There are some things in life that can be counted on: people will always complain about gas prices, politicians under investigation will resign late Friday afternoon and if there is an abnormal amount of rain wind, snow or sleet, there will be some poor khaki-clad journalist out there reporting on the weather.
When journalists wakes up to a hurricane or blizzard, they know that before the end of the day they will be drenched, knocked down by wind, and forced to choose between life and story. They usually choose the story.
If this is a journalist’s first time reporting on the weather, a vital lesson will be discovered – pens don’t work in the cold. Use a pencil!
Truck stops, motels, Red Cross stations, restaurants and bars are all places journalists flock to during weather stories to capture that “human element” of the story. And without a hint of irony, journalists will ask residents what they why they haven’t fled the storm.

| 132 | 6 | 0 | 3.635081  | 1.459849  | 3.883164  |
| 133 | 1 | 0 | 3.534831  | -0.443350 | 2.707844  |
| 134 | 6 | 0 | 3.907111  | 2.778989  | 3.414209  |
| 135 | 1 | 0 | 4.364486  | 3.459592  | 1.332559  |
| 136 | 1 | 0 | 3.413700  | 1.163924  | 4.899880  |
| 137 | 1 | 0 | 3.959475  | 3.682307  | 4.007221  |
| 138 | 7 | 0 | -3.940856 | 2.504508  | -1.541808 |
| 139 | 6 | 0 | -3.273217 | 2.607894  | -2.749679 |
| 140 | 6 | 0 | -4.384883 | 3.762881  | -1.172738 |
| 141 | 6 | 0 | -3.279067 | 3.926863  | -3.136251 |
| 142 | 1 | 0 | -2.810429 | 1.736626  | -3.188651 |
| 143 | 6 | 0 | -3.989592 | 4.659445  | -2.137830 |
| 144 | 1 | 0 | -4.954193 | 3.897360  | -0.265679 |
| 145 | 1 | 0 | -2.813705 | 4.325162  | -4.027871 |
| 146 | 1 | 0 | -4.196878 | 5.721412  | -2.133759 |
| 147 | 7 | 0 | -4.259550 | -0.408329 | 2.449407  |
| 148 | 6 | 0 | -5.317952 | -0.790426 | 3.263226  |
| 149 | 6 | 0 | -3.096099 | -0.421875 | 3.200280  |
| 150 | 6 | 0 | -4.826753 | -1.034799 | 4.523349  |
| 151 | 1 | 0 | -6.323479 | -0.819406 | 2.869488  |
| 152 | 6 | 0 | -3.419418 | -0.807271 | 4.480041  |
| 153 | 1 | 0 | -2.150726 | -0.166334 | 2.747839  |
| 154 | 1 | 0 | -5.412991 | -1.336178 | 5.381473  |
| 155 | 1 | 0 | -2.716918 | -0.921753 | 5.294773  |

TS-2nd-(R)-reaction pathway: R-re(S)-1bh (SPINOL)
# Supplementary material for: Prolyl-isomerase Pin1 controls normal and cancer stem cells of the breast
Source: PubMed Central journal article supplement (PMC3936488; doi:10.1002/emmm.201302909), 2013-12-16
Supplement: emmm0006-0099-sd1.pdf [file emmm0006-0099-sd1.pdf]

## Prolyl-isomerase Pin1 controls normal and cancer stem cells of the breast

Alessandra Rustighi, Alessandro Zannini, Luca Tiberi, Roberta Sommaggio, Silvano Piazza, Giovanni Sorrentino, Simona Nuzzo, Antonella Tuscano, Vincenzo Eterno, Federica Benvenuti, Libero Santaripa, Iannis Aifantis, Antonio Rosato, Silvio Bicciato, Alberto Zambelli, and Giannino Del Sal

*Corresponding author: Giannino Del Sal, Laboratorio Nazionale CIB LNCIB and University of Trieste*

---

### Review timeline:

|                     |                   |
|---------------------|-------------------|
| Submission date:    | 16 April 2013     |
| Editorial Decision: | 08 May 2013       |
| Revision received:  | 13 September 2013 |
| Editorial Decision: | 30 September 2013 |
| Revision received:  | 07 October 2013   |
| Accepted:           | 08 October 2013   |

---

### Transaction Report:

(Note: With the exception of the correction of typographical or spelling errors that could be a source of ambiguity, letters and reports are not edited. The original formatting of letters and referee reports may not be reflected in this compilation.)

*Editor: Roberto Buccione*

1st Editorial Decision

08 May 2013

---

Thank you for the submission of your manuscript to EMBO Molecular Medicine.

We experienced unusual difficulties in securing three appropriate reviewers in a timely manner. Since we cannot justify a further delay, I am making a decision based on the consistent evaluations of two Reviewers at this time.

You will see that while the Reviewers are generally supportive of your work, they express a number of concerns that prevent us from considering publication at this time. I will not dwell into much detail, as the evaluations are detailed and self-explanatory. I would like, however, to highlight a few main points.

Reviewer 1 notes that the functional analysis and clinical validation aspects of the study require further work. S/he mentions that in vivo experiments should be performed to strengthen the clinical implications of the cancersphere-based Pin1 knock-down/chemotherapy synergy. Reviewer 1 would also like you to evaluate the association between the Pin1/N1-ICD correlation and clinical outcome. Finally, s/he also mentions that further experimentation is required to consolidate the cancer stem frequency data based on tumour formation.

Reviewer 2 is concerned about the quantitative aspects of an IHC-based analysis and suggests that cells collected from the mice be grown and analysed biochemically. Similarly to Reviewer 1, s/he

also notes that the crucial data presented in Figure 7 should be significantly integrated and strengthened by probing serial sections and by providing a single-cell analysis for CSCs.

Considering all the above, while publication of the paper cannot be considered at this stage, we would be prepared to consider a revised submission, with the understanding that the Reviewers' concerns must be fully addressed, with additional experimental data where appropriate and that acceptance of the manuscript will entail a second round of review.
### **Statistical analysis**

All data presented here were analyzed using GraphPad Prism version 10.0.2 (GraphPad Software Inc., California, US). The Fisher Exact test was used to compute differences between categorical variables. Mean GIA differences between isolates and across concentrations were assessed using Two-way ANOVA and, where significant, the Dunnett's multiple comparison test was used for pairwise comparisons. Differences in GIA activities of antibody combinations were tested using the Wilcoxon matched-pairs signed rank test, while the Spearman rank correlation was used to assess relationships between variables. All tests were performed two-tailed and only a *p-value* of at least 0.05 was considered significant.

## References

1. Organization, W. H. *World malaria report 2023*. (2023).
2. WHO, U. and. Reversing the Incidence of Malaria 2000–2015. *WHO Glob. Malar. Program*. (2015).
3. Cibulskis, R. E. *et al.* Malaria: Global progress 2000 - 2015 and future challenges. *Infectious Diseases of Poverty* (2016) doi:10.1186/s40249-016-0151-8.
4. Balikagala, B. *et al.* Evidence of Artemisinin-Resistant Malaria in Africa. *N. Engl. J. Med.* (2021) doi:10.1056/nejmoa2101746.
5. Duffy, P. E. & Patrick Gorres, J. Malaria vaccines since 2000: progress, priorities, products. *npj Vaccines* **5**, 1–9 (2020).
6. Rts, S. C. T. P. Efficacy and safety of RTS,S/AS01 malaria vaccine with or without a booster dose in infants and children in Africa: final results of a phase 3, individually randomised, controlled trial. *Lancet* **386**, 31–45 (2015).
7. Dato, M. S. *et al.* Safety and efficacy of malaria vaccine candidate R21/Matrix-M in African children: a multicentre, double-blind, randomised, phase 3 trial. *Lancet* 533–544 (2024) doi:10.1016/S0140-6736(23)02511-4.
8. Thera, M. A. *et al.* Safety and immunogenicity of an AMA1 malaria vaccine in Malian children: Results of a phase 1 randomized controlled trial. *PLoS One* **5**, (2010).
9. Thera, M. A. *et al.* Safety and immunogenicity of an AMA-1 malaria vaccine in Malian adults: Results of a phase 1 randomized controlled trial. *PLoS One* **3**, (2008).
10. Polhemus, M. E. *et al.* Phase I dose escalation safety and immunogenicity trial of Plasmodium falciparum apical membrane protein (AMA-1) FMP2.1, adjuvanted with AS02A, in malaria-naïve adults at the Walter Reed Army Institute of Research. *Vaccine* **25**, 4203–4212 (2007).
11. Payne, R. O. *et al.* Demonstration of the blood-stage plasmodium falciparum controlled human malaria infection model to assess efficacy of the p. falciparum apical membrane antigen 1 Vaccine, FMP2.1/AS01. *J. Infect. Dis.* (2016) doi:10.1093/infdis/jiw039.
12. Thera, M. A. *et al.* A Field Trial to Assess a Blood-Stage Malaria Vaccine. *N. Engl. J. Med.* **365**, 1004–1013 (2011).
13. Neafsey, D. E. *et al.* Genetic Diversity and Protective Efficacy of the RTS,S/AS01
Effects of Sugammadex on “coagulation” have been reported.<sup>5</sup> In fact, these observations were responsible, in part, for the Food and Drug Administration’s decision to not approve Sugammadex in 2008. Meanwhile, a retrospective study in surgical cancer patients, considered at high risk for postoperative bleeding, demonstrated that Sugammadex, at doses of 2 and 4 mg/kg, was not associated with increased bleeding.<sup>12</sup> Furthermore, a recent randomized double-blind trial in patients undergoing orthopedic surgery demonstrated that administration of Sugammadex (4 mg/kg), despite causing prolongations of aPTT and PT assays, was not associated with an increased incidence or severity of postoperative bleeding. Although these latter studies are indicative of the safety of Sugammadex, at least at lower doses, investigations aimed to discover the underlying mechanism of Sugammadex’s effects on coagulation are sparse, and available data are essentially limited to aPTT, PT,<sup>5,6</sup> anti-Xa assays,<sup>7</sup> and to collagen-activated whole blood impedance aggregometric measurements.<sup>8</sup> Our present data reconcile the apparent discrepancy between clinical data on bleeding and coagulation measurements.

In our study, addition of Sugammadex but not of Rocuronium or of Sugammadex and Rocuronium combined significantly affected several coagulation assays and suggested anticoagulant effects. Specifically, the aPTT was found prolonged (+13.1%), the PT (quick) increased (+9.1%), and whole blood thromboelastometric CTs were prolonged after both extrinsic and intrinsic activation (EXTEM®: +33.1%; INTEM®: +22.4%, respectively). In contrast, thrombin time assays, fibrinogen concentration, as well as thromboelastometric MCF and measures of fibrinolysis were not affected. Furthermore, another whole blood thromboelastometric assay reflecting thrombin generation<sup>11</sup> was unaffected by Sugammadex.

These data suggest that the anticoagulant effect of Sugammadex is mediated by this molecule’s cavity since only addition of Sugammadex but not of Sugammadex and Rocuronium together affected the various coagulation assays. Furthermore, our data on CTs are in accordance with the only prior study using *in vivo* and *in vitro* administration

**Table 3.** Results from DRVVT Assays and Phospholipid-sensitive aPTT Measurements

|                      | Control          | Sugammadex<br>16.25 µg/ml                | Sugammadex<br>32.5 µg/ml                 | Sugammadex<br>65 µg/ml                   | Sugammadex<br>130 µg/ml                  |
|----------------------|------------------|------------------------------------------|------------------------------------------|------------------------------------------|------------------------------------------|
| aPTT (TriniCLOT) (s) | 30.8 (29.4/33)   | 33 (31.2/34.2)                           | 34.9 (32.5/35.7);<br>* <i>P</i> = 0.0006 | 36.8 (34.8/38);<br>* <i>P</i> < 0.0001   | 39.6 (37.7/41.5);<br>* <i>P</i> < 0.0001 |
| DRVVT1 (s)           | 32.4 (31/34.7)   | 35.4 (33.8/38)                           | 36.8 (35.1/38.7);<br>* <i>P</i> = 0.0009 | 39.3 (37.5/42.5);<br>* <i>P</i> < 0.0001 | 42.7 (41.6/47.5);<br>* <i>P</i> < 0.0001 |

Weather stories are the reason experienced journalists always carry a change of clothes in the trunk of their car that includes galoshes, boots, gloves, coats, a hard hat and a Nomex suit. Journalists never know when they will go from covering a city council meeting to being in the center of a hurricane in the span of an hour.
Journalists especially like it when their editors, from the comfort of their desks, direct journalists into the heart of a forest fire, hurricane, tornado or flood zone. As the rest of humanity is evacuated from a disaster area, journalists and first responders are the only ones headed into the storm.
Once a journalist has risked life and limb to cover the storm, which seven out of 10 times could have been accomplished by simply looking out the window, he or she will then hunt down a wi-fi connect to crank out a 20-inch story. The story will then inform readers about the weather the next day when it is nice and sunny out.